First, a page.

Harmony Walk attracts community involvement
Published: Wednesday, October 24, 2012
Updated: Wednesday, October 24, 2012 14:10
RICHMOND — Local residents, businesses, and community organizations came together to run, walk and cycle through the streets of Richmond to raise money and awareness to fight against hunger and homelessness.
Contra Costa College culinary arts students volunteered in the 26th annual Harmony Walk by the Greater Richmond Interfaith Program (GRIP) Saturday at 8 a.m. The Harmony Walk started at the Richmond Auditorium and made its way down 23rd Street, Barrett Avenue and back to the auditorium.
Last year, 20 culinary arts students signed up for the Harmony Walk. The number tripled this year to 60 students.
Culinary arts major Melanie White said, “You hear about (hunger and homelessness) a lot, but by being here today — you’re taking part in making something better.”
Culinary arts department Chairperson Nader Sharkes said, “The students live (in and) around this community. In order for the community to support the kids, we have to support the community. I’m really proud of them. It’s wonderful to see them finishing (the Harmony Walk).”
According to GRIP Director Kia Croom, the organization raised about $80,000 throughout 2011. This year, GRIP has a goal to raise $100,000.
Funds are raised throughout the year for GRIP’s family housing program and its Souper Center.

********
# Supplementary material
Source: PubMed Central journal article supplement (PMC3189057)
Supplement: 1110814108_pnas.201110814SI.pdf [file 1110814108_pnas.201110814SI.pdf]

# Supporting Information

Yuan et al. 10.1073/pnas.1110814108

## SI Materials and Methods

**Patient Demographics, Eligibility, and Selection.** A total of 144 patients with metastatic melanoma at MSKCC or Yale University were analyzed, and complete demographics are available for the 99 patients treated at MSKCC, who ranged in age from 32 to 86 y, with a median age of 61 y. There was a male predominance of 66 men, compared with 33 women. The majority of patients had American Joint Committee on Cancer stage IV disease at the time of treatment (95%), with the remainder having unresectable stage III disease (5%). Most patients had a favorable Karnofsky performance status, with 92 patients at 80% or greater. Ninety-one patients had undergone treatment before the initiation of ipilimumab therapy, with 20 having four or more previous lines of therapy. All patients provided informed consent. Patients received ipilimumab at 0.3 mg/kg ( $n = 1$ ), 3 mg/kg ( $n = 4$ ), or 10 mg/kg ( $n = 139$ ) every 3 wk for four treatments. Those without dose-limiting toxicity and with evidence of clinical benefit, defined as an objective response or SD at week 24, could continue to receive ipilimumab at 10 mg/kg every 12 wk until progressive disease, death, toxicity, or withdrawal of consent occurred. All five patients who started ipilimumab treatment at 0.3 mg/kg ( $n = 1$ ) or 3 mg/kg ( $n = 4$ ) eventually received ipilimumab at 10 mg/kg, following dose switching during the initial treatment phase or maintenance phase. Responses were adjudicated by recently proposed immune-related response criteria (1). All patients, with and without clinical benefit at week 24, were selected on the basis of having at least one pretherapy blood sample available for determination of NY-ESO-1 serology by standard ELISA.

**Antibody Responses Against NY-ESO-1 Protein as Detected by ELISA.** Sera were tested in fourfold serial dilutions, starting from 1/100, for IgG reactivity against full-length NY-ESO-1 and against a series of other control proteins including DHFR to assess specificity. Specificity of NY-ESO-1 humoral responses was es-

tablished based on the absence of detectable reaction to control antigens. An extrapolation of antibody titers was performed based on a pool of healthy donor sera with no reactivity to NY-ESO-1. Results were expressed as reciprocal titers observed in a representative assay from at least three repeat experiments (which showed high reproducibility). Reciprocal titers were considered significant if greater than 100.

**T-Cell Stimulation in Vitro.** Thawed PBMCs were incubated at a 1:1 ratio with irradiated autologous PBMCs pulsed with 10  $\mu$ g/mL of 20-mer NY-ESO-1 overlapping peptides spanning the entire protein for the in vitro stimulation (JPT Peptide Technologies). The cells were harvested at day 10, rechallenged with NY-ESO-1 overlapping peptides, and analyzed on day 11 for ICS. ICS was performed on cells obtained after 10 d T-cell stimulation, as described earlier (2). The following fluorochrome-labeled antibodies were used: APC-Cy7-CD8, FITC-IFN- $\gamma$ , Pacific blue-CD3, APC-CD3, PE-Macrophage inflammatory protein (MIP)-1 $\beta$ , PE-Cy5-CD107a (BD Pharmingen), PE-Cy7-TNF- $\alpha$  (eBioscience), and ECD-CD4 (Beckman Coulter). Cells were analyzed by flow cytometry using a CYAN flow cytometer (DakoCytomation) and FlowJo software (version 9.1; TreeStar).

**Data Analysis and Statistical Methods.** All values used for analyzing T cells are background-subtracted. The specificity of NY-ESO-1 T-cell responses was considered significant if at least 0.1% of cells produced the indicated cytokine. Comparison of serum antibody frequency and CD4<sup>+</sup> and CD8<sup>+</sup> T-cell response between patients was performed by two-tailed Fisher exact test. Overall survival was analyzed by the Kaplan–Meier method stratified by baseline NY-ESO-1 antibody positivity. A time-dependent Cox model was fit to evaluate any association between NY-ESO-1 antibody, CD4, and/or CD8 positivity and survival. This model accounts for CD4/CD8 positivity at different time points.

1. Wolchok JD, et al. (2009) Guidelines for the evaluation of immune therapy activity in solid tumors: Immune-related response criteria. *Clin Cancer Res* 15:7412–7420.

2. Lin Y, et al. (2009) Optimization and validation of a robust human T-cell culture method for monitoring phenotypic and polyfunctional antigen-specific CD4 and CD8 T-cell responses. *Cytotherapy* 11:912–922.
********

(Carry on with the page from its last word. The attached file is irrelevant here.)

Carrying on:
The family housing program is a 75-bed capacity emergency shelter for homeless families, the largest bed capacity in the West Contra Costa County. The Souper Center has provided more than 90,000 meals in 2012 so far, which includes breakfast, lunch and dinner free of charge.
“I get great energy and great support from the community members and partners. They’re coming to work on a Saturday. I get a lot of enthusiasm and it makes it more meaningful, the work I do for the organization,” Croom said.
She encourages everyone to take a stand against the issues of homelessness and hunger.
“There are a lot of poor people in Richmond who would otherwise go without a lot of essential services if it weren’t for GRIP.”
Companies like Chevron, which has sponsored the event, raised more than $450,000 for GRIP in the last four years, according to Chevron community engagement manager Andrea Bailey.
With programs like GRIP, “We will eradicate the situations of vulnerability like homelessness,” Richmond Mayor Gayle McLaughlin said during a speech before participants lined up to walk.
Richmond High School cheerleaders lined up at the finish line to cheer on participating walkers, runners, and cyclists as they arrived.
More than 20 exhibitor tables were there to help raise money for the event.